POETS FOR THE DAY ARCHIVE

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SORROWS OF THE MOON

Tonight the moon dreams in a deeper languidness,
And, like a beauty on her cushions, lies at rest;
While drifting off to sleep, a tentative caress
Seeks, with a gentle hand, the contour of her breast;

As on a crest above her silken avalanche,
Dying, she yields herself to an unending swoon,
And sees a pallid vision everywhere she’d glance,
In the azure sky where blossoms have been strewn.

When sometime, in her weariness, upon her sphere
She might permit herself to sheda furtive tear,
A poet of great piety, a foe of sleep,

Catches in the hollow of his hand that tear,
An opal fragment, iridescent as a star;
Within his heart, far from the sun, it’s buried deep.

CHARLES BAUDELAIRE


The Rose Family

The rose is a rose,
And was always a rose.
But the theory now goes
That the apple’s a rose,
And the pear is, and so’s
The plum, I suppose.
The dear only knows
What will next prove a rose.
You, of course, are a rose –
But were always a rose.

Robert Frost

He Is More Than A Hero

 

He is more than a hero
he is a god in my eyes–
the man who is allowed
to sit beside you — he

who listens intimately
to the sweet murmur of
your voice, the enticing

laughter that makes my own
heart beat fast. If I meet
you suddenly, I can’

speak — my tongue is broken;
a thin flame runs under
my skin; seeing nothing,

hearing only my own ears
drumming, I drip with sweat;
trembling shakes my body

and I turn paler than
dry grass. At such times
death isn’t far from me

 

Sappho

Chuang Tzu in dream became a butterfly,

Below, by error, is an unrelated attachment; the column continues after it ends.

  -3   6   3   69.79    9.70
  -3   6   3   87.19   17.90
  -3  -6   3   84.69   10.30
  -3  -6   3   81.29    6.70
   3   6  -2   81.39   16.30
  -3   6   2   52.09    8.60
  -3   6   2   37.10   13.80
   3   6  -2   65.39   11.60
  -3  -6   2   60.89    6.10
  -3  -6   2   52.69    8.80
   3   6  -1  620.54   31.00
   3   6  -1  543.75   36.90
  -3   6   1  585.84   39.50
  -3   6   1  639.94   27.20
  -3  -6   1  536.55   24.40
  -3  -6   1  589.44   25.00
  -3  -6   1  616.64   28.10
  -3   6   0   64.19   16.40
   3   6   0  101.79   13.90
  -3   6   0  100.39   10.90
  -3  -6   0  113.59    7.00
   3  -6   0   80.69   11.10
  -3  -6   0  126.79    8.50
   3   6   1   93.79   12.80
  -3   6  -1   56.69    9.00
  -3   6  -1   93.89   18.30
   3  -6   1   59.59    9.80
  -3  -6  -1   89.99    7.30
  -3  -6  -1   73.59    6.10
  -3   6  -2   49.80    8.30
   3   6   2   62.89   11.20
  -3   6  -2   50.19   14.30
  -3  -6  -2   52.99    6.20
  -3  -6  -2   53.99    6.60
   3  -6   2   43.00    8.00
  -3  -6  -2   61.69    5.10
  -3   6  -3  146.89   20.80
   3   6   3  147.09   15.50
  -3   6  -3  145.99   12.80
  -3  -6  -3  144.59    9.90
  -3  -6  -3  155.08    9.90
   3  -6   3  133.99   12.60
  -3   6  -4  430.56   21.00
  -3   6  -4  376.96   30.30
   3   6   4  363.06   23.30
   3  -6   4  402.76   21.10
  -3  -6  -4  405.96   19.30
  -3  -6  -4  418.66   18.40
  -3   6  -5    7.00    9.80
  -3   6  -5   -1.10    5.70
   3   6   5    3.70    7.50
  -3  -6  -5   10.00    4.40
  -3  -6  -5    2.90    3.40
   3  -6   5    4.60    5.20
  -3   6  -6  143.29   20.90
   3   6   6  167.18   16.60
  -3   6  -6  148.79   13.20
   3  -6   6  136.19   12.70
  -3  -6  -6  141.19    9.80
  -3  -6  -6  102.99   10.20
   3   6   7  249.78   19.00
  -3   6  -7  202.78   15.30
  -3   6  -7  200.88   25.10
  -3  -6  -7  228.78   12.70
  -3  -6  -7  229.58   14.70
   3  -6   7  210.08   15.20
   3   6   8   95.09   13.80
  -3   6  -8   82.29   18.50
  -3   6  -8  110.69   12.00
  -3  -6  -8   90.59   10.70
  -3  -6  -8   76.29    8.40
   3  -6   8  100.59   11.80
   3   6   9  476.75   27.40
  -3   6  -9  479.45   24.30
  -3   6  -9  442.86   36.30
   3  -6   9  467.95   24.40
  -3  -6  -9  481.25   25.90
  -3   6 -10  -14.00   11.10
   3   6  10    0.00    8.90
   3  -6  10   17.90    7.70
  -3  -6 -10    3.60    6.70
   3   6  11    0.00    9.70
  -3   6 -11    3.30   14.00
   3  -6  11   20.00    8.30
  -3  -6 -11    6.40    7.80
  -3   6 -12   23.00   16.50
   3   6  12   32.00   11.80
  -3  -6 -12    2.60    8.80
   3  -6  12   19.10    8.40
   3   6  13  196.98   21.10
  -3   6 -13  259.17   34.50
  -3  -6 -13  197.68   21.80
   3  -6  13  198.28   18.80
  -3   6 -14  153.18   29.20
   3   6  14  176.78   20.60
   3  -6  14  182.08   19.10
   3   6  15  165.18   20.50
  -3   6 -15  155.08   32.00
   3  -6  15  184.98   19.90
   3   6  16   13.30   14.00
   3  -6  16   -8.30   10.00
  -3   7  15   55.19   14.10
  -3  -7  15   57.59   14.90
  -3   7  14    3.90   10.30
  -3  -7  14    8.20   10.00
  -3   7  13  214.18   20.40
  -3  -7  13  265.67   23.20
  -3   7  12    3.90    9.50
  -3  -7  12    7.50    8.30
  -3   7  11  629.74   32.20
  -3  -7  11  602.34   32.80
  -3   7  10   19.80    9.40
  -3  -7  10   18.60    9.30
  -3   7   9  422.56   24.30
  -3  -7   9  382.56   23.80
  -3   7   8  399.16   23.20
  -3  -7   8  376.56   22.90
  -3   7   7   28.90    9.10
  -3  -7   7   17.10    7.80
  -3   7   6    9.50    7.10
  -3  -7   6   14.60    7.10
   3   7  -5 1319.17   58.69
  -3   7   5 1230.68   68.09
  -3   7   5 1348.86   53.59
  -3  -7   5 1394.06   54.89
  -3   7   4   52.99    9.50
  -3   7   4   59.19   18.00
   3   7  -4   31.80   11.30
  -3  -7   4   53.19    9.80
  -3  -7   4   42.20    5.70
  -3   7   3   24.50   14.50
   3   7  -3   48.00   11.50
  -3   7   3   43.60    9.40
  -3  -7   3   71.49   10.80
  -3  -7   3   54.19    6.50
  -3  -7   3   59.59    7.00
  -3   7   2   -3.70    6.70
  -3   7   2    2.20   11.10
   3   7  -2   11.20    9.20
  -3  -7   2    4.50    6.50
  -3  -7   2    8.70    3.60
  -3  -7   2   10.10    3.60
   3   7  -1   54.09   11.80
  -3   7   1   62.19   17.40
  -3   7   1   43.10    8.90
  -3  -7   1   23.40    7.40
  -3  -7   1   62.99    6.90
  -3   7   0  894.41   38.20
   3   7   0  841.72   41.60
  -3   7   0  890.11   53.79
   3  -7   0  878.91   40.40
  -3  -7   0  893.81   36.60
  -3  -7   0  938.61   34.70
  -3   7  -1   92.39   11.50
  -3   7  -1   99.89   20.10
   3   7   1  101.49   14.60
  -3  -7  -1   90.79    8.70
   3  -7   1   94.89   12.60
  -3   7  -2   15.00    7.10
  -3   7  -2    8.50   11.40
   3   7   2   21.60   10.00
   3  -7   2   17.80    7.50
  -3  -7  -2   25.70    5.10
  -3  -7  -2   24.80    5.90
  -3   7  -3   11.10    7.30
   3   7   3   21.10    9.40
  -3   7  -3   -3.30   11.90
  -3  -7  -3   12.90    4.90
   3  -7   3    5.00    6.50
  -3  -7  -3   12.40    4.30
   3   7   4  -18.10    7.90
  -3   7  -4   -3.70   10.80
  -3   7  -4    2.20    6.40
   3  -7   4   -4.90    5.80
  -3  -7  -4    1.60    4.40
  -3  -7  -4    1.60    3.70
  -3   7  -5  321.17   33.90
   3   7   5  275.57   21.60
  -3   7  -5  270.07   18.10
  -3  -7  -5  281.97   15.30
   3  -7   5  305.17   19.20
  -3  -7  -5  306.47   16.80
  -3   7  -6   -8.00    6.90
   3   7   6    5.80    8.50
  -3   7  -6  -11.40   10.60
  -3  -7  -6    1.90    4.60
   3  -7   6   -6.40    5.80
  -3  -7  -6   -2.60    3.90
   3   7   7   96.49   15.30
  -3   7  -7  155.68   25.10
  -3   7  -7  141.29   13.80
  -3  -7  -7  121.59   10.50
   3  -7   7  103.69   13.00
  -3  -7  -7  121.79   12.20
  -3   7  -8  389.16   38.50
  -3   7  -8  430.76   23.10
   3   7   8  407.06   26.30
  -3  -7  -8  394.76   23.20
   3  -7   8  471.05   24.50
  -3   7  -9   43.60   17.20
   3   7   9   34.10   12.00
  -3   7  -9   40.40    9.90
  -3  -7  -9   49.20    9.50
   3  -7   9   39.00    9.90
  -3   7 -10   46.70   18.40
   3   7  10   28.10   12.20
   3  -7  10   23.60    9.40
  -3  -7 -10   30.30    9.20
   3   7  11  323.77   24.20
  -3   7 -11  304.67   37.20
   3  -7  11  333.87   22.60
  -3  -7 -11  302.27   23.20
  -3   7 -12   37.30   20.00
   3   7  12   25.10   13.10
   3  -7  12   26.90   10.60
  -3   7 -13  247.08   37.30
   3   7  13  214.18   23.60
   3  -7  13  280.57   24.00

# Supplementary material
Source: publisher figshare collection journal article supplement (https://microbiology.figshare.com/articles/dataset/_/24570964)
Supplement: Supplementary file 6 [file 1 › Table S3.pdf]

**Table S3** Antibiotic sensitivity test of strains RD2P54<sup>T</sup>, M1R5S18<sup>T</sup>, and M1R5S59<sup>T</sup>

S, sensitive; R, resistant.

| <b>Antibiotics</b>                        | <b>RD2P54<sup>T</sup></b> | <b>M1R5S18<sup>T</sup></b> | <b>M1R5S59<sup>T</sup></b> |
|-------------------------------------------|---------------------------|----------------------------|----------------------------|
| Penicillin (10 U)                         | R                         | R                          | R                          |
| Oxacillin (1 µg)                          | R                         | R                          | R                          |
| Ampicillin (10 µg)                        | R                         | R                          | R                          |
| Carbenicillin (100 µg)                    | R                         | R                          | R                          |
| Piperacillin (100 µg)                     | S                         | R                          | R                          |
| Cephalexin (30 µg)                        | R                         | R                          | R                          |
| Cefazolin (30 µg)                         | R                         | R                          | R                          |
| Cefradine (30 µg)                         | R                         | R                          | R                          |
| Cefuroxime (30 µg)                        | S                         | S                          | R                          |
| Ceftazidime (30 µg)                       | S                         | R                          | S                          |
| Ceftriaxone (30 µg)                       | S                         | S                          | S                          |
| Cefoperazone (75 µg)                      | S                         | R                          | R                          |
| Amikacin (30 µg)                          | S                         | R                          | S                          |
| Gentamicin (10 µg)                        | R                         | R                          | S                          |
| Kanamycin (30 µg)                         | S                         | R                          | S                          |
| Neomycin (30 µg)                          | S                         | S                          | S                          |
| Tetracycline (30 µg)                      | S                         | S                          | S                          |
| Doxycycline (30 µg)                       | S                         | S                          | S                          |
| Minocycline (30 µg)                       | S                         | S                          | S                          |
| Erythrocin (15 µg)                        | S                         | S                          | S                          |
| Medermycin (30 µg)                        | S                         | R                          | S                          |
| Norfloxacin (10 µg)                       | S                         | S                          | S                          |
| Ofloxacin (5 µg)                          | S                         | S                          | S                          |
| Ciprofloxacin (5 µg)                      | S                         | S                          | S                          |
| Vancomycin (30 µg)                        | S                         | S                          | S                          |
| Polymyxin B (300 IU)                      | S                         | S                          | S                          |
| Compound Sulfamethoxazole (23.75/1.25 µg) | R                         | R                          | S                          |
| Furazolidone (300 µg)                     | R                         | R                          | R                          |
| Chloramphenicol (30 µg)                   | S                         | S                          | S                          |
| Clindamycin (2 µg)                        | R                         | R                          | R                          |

And the butterfly became Chuang Tzu at waking.
Which was the real—the butterfly or the man ?
Who can tell the end of the endless changes of things?
The water that flows into the depth of the distant sea
Returns anon to the shallows of a transparent stream.
The man, raising melons outside the green gate of the city,
Was once the Prince of the East Hill.
So must rank and riches vanish.
You know it, still you toil and toil,—what for?
Chuang Tzu And The Butterfly
Li Po


 

PICTURE OF CHILDHOOD

Elbowing our way, we run.
Someone is being beaten up in the market.
You wouldn’t want to miss it!
We pick up speed, racing to the uproar,
scooping up water in our felt boots
and forgetting to wipe our sniffles.

And stood stock-still. In our little hearts something tightened,
when we saw how the ring of sheepskin coats,
fur coats, hooded coats, was contracting,
how he stood up near the green vegetable stall
with his head pulled into his shoulders from the hail
of jabs, kicks, spitting, slaps in the face.

Suddenly someone from the right by the handcart
pushed his teeth in,
Suddenly someone from the left bashed his forehead with a
chunk of ice.
Blood appeared-and then they started in, in earnest.
All piled up in a heap they began to scream together,
pounding with sticks, reins,
and linchpins out of wheels.

In vain he wheezed to them: ‘Mates,
you’re my mates-what’s the matter? ‘
The mob wanted to settle accounts fully.
The mob was deaf with rage.
The mob grumbled at those who weren’t putting their boots in,
and they trampled something that looked like a body
into the spring snow that was turning into mud.

They beat him up with relish. With ingenuity. Juicy.
I saw how skillfully and precisely
one man kept putting the boots in,
boots with greasy flaps on them,
right under the belt of the man who was down,
smothered in mud and dungy water.

Their owner, a guy with an honest enough mug,
very proud of his high principles,
was saying with each kick: ‘Don’t try your tricks with us! ‘
booting him deliberately, with the utmost conviction,
and, sweat pouring, with a red face, he jovially called to me:
‘Come on, youngster, get in it! ‘

I can’t remember-how many there were, making a din,
beating him up.
It may have been a hundred, it may have been more,
but I, just a boy, wept for shame.
And if a hundred are beating somebody up,
howling in a frenzy-even if for a good cause-
I will never make one hundred and one!

YEVGENY YETUSHENKO -1932 – 2017


FOR JOHNNY POLE ON A FORGOTTEN BEACH

In his tenth July some instinct
taught him to arm the waiting wave,